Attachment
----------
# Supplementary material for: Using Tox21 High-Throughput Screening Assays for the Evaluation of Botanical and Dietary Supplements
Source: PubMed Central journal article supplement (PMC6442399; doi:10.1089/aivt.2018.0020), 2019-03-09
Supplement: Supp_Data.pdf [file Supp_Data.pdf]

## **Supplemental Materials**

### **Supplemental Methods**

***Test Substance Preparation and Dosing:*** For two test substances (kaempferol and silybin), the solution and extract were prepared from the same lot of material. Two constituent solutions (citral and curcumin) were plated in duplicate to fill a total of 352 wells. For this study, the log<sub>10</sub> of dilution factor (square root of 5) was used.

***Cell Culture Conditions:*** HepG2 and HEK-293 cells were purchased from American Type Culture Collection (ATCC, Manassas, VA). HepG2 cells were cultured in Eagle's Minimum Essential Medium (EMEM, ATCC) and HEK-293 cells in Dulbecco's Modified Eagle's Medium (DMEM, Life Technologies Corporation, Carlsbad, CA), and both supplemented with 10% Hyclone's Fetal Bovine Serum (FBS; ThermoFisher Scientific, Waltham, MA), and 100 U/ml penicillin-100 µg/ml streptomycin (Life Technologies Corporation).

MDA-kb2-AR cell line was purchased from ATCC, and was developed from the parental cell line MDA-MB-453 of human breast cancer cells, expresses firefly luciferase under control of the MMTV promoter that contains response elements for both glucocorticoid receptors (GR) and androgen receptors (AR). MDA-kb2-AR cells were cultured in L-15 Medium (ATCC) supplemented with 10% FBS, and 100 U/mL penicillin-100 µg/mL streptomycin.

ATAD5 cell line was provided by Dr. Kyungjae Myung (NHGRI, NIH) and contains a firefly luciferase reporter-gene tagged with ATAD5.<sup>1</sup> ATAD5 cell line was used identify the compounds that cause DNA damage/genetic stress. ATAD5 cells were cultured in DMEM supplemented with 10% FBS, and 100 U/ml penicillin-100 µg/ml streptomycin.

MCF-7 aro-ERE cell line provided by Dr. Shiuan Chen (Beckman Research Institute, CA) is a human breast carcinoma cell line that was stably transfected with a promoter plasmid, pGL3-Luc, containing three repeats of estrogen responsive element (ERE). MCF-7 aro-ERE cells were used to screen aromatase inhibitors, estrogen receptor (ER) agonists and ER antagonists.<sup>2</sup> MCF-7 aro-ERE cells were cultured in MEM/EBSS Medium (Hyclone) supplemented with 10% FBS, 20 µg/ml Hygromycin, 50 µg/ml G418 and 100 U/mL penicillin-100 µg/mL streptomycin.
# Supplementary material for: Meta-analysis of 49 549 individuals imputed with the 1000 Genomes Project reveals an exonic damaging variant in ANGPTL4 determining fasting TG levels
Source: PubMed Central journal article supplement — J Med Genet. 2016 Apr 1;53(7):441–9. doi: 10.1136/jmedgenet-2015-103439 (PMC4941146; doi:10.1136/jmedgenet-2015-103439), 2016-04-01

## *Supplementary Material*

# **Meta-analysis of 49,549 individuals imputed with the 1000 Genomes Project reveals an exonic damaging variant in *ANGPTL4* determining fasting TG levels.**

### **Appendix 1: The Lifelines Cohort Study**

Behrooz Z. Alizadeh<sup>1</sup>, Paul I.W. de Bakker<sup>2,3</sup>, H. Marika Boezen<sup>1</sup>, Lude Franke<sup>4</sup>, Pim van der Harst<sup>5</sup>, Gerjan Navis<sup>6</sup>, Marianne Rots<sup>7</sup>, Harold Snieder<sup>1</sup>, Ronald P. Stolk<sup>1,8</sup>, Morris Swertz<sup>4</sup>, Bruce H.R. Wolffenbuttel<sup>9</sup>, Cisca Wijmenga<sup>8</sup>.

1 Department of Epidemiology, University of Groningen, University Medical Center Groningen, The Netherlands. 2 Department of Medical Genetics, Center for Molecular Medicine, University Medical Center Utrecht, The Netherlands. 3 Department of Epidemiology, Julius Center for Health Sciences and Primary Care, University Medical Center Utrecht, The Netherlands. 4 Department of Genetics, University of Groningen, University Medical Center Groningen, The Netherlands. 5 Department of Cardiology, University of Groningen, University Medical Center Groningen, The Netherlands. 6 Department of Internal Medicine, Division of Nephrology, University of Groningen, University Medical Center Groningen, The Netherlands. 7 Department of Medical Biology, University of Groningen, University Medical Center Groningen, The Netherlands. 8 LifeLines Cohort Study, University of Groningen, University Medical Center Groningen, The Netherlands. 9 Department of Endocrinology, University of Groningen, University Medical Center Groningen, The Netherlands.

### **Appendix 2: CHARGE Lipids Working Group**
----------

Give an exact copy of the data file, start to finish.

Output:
# Supplementary material for: Using Tox21 High-Throughput Screening Assays for the Evaluation of Botanical and Dietary Supplements
Source: PubMed Central journal article supplement (PMC6442399; doi:10.1089/aivt.2018.0020), 2019-03-09
Supplement: Supp_Data.pdf [file Supp_Data.pdf]

## **Supplemental Materials**

### **Supplemental Methods**

***Test Substance Preparation and Dosing:*** For two test substances (kaempferol and silybin), the solution and extract were prepared from the same lot of material. Two constituent solutions (citral and curcumin) were plated in duplicate to fill a total of 352 wells. For this study, the log<sub>10</sub> of dilution factor (square root of 5) was used.

***Cell Culture Conditions:*** HepG2 and HEK-293 cells were purchased from American Type Culture Collection (ATCC, Manassas, VA). HepG2 cells were cultured in Eagle's Minimum Essential Medium (EMEM, ATCC) and HEK-293 cells in Dulbecco's Modified Eagle's Medium (DMEM, Life Technologies Corporation, Carlsbad, CA), and both supplemented with 10% Hyclone's Fetal Bovine Serum (FBS; ThermoFisher Scientific, Waltham, MA), and 100 U/ml penicillin-100 µg/ml streptomycin (Life Technologies Corporation).

MDA-kb2-AR cell line was purchased from ATCC, and was developed from the parental cell line MDA-MB-453 of human breast cancer cells, expresses firefly luciferase under control of the MMTV promoter that contains response elements for both glucocorticoid receptors (GR) and androgen receptors (AR). MDA-kb2-AR cells were cultured in L-15 Medium (ATCC) supplemented with 10% FBS, and 100 U/mL penicillin-100 µg/mL streptomycin.

ATAD5 cell line was provided by Dr. Kyungjae Myung (NHGRI, NIH) and contains a firefly luciferase reporter-gene tagged with ATAD5.<sup>1</sup> ATAD5 cell line was used identify the compounds that cause DNA damage/genetic stress. ATAD5 cells were cultured in DMEM supplemented with 10% FBS, and 100 U/ml penicillin-100 µg/ml streptomycin.

MCF-7 aro-ERE cell line provided by Dr. Shiuan Chen (Beckman Research Institute, CA) is a human breast carcinoma cell line that was stably transfected with a promoter plasmid, pGL3-Luc, containing three repeats of estrogen responsive element (ERE). MCF-7 aro-ERE cells were used to screen aromatase inhibitors, estrogen receptor (ER) agonists and ER antagonists.<sup>2</sup> MCF-7 aro-ERE cells were cultured in MEM/EBSS Medium (Hyclone) supplemented with 10% FBS, 20 µg/ml Hygromycin, 50 µg/ml G418 and 100 U/mL penicillin-100 µg/mL streptomycin.
# Supplementary material for: Meta-analysis of 49 549 individuals imputed with the 1000 Genomes Project reveals an exonic damaging variant in ANGPTL4 determining fasting TG levels
Source: PubMed Central journal article supplement — J Med Genet. 2016 Apr 1;53(7):441–9. doi: 10.1136/jmedgenet-2015-103439 (PMC4941146; doi:10.1136/jmedgenet-2015-103439), 2016-04-01

## *Supplementary Material*

# **Meta-analysis of 49,549 individuals imputed with the 1000 Genomes Project reveals an exonic damaging variant in *ANGPTL4* determining fasting TG levels.**

### **Appendix 1: The Lifelines Cohort Study**

Behrooz Z. Alizadeh<sup>1</sup>, Paul I.W. de Bakker<sup>2,3</sup>, H. Marika Boezen<sup>1</sup>, Lude Franke<sup>4</sup>, Pim van der Harst<sup>5</sup>, Gerjan Navis<sup>6</sup>, Marianne Rots<sup>7</sup>, Harold Snieder<sup>1</sup>, Ronald P. Stolk<sup>1,8</sup>, Morris Swertz<sup>4</sup>, Bruce H.R. Wolffenbuttel<sup>9</sup>, Cisca Wijmenga<sup>8</sup>.

1 Department of Epidemiology, University of Groningen, University Medical Center Groningen, The Netherlands. 2 Department of Medical Genetics, Center for Molecular Medicine, University Medical Center Utrecht, The Netherlands. 3 Department of Epidemiology, Julius Center for Health Sciences and Primary Care, University Medical Center Utrecht, The Netherlands. 4 Department of Genetics, University of Groningen, University Medical Center Groningen, The Netherlands. 5 Department of Cardiology, University of Groningen, University Medical Center Groningen, The Netherlands. 6 Department of Internal Medicine, Division of Nephrology, University of Groningen, University Medical Center Groningen, The Netherlands. 7 Department of Medical Biology, University of Groningen, University Medical Center Groningen, The Netherlands. 8 LifeLines Cohort Study, University of Groningen, University Medical Center Groningen, The Netherlands. 9 Department of Endocrinology, University of Groningen, University Medical Center Groningen, The Netherlands.

### **Appendix 2: CHARGE Lipids Working Group**